Of course, from a business perspective, your goal will be to maximize the lifetime value of your customer. Depending on the nature of the product and its upfront cost, this calculation will vary. Usually, the highest lifetime value will be driven by the customer who commits to a longer subscription option or a premium product option. According to Kirsten Lyons of SnapApp, the study of Decision Theory has proven that consumers tend to settle within the middle of two extremes. The “Deal Effect” shows that presenting an inferior product with little disparity in cost alongside your primary offer can make the superior, primary offer more appealing, thus driving its conversion rate (Journal of Professional Pricing).
Examples of the Deal Effect
However, when presenting multiple subscription options, there is always the danger of creating friction in the mind of the customer.
You might ask, “At what point does an additional subscription option create more friction than value?
In a marketing experiment run by MECLABS Institute, a subscription-based website increased its conversion rate 16% by simplifying the subscription options from 1-month, 3-month and 6-month choices to just a 1-month option. This A/B test revealed a key customer insight that customers were highly sensitive to “difficulty friction” at this step in the purchase process.
Example of reducing friction
The Verdict: Having multiple subscription options that are differentiated by incremental levels of commitment or product features can often be perceived as an appealing “value add” by your customer. The marketer can often position these options in a way to emphasize the appeal of a premium option. However, savvy marketers will test the number of subscription options being presented to determine whether too many options are overcomplicating their product offer and ultimately hurting conversion rates.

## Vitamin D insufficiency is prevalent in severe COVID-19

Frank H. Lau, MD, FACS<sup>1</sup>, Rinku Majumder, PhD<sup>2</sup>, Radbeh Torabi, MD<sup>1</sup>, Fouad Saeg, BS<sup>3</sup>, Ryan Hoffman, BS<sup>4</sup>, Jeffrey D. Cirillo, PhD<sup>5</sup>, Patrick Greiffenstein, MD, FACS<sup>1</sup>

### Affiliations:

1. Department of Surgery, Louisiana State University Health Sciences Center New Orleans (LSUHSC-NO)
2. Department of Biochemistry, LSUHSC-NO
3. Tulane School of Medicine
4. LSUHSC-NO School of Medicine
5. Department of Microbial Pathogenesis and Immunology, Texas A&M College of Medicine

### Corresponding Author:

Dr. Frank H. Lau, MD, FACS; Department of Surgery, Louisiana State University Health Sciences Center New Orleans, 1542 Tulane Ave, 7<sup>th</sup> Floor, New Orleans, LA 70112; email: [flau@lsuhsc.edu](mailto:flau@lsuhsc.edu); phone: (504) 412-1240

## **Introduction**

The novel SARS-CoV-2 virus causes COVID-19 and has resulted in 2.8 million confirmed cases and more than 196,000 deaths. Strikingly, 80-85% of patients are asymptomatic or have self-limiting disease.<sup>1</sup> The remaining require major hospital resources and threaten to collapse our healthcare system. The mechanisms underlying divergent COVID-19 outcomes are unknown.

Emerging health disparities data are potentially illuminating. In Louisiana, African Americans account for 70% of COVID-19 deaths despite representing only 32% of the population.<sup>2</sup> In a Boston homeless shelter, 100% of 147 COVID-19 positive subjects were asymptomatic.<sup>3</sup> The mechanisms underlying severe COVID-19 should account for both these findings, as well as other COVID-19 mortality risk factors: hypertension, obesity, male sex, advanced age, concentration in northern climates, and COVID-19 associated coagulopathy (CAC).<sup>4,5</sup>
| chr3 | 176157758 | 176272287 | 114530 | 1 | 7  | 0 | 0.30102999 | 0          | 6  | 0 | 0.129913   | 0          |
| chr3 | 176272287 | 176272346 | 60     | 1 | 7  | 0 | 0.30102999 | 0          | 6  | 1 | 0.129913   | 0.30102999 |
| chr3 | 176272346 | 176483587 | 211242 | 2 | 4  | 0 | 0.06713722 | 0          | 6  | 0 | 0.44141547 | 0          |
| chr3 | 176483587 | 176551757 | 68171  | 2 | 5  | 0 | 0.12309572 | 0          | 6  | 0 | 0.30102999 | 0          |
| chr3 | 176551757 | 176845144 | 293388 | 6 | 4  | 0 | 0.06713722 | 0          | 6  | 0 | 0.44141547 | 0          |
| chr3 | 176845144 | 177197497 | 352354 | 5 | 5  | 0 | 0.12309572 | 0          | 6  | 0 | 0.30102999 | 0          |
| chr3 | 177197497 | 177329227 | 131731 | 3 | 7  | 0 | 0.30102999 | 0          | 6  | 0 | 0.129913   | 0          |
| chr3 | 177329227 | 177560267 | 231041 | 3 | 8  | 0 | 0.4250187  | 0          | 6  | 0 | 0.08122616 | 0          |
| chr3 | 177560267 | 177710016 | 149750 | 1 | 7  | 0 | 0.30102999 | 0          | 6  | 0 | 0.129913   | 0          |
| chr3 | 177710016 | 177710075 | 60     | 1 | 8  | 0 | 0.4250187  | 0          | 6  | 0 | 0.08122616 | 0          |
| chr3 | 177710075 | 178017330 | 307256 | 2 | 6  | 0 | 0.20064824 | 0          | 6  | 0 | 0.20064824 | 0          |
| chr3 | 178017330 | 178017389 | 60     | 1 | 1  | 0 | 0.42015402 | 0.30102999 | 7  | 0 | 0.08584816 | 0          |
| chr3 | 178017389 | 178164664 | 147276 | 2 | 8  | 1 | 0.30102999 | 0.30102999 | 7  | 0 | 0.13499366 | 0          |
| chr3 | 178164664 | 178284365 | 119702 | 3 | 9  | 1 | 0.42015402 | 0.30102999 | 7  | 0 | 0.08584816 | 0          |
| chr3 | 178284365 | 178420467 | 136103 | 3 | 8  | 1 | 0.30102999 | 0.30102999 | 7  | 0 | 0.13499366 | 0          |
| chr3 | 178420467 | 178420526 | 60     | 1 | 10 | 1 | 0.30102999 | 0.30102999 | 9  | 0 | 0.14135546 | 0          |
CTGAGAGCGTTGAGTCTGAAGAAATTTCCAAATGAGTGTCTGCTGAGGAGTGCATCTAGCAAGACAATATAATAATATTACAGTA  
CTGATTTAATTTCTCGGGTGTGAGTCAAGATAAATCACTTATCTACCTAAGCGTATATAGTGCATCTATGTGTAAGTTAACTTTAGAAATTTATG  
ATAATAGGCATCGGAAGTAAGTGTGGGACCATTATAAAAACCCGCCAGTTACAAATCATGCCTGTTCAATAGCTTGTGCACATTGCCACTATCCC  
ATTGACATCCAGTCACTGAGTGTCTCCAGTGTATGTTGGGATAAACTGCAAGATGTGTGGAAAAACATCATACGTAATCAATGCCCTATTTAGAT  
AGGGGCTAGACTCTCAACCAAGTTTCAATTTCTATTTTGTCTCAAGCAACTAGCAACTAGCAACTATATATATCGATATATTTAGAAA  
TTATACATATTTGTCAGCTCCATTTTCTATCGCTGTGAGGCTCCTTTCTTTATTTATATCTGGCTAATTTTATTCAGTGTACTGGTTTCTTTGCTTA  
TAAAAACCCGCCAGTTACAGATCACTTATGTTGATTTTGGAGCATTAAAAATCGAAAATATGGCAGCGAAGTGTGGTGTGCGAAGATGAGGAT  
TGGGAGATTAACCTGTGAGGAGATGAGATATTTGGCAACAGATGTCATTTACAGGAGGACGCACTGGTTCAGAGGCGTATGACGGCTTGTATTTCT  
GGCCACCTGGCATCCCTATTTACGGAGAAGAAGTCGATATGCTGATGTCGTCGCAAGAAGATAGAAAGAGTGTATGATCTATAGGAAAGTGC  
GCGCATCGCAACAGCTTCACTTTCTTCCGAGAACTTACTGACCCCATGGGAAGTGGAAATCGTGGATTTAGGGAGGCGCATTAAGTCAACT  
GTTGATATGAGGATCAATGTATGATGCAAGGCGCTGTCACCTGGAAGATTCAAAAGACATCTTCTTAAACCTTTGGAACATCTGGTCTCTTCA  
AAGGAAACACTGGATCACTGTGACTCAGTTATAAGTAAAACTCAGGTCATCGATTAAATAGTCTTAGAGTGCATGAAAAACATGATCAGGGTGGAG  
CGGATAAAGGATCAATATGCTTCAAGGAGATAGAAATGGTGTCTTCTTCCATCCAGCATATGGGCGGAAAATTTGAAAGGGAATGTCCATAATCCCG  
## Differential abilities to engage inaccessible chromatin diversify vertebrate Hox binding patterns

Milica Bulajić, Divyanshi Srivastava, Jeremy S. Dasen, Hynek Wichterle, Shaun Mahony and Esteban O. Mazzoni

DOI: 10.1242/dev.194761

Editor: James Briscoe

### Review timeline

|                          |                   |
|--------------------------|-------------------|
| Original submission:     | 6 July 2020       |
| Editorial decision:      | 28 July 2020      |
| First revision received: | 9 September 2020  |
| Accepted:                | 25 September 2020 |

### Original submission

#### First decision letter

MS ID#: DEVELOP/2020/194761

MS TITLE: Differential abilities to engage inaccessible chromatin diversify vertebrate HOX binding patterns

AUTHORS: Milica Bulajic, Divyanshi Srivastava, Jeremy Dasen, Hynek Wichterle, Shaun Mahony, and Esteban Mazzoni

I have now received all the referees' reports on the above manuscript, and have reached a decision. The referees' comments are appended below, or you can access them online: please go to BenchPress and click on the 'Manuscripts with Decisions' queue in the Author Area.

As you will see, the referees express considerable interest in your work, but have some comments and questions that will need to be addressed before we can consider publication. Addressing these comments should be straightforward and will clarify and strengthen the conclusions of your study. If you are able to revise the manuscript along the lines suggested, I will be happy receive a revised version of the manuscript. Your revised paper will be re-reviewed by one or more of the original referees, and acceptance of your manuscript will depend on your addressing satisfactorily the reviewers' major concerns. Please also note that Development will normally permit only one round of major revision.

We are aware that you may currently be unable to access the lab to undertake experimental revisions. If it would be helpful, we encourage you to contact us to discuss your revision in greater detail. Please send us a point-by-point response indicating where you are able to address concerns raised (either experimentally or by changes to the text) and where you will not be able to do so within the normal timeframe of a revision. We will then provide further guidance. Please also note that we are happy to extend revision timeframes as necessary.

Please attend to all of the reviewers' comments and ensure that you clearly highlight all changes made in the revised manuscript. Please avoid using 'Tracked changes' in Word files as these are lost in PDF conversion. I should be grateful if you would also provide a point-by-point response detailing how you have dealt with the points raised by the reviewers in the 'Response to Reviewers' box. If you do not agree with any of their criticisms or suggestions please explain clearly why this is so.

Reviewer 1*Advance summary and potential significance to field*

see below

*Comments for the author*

Challenge #3. Communicating the value of a Premium feature without diminishing your core product
So your product team has identified an opportunity to achieve greater market penetration by introducing a new, appealing feature or service. In most cases, this new product won’t stand alone as its own new product but, rather, will be bundled alongside your core product and marketed at a higher price point. This may involve flashy banner ads, homepage marquees, etc. Of course, there is always the risk that by trying to appeal to 5% more of the total market (willing to pay more for a feature), you will diminish the appeal of your core product for a much larger percentage of your current audience.
You may ask, “How do I position this new, more premium subscription option without hurting my overall conversion rate?”
One approach is to articulate different prospect-level value propositions (value propositions tailored to specific prospect types) for each subscription option. This way, customers can more easily segment into the approach option without feeling like they are choosing an inferior option.
Examples of tailoring to specific prospect types
Test results revealed that the conversion rate of the premium product was 30% higher for Treatment 2, where the new product offer was sequenced after the customer had sufficiently bought into the value proposition of the core product (via modal upsell). Treatment 2 was likely more effective because it promoted a more streamlined customer thought sequence.
The Verdict: Ultimately when introducing any new premium subscription option, the marketer must analyze how this will affect the customer’s thought sequence. Any new product offer will compete for the customer’s attention and may be perceived as either valuable or friction by different customer segments. Ensure any presentation allows the majority of customers to move through the process with as little unnecessary disturbances, and the target audience is clearly articulated.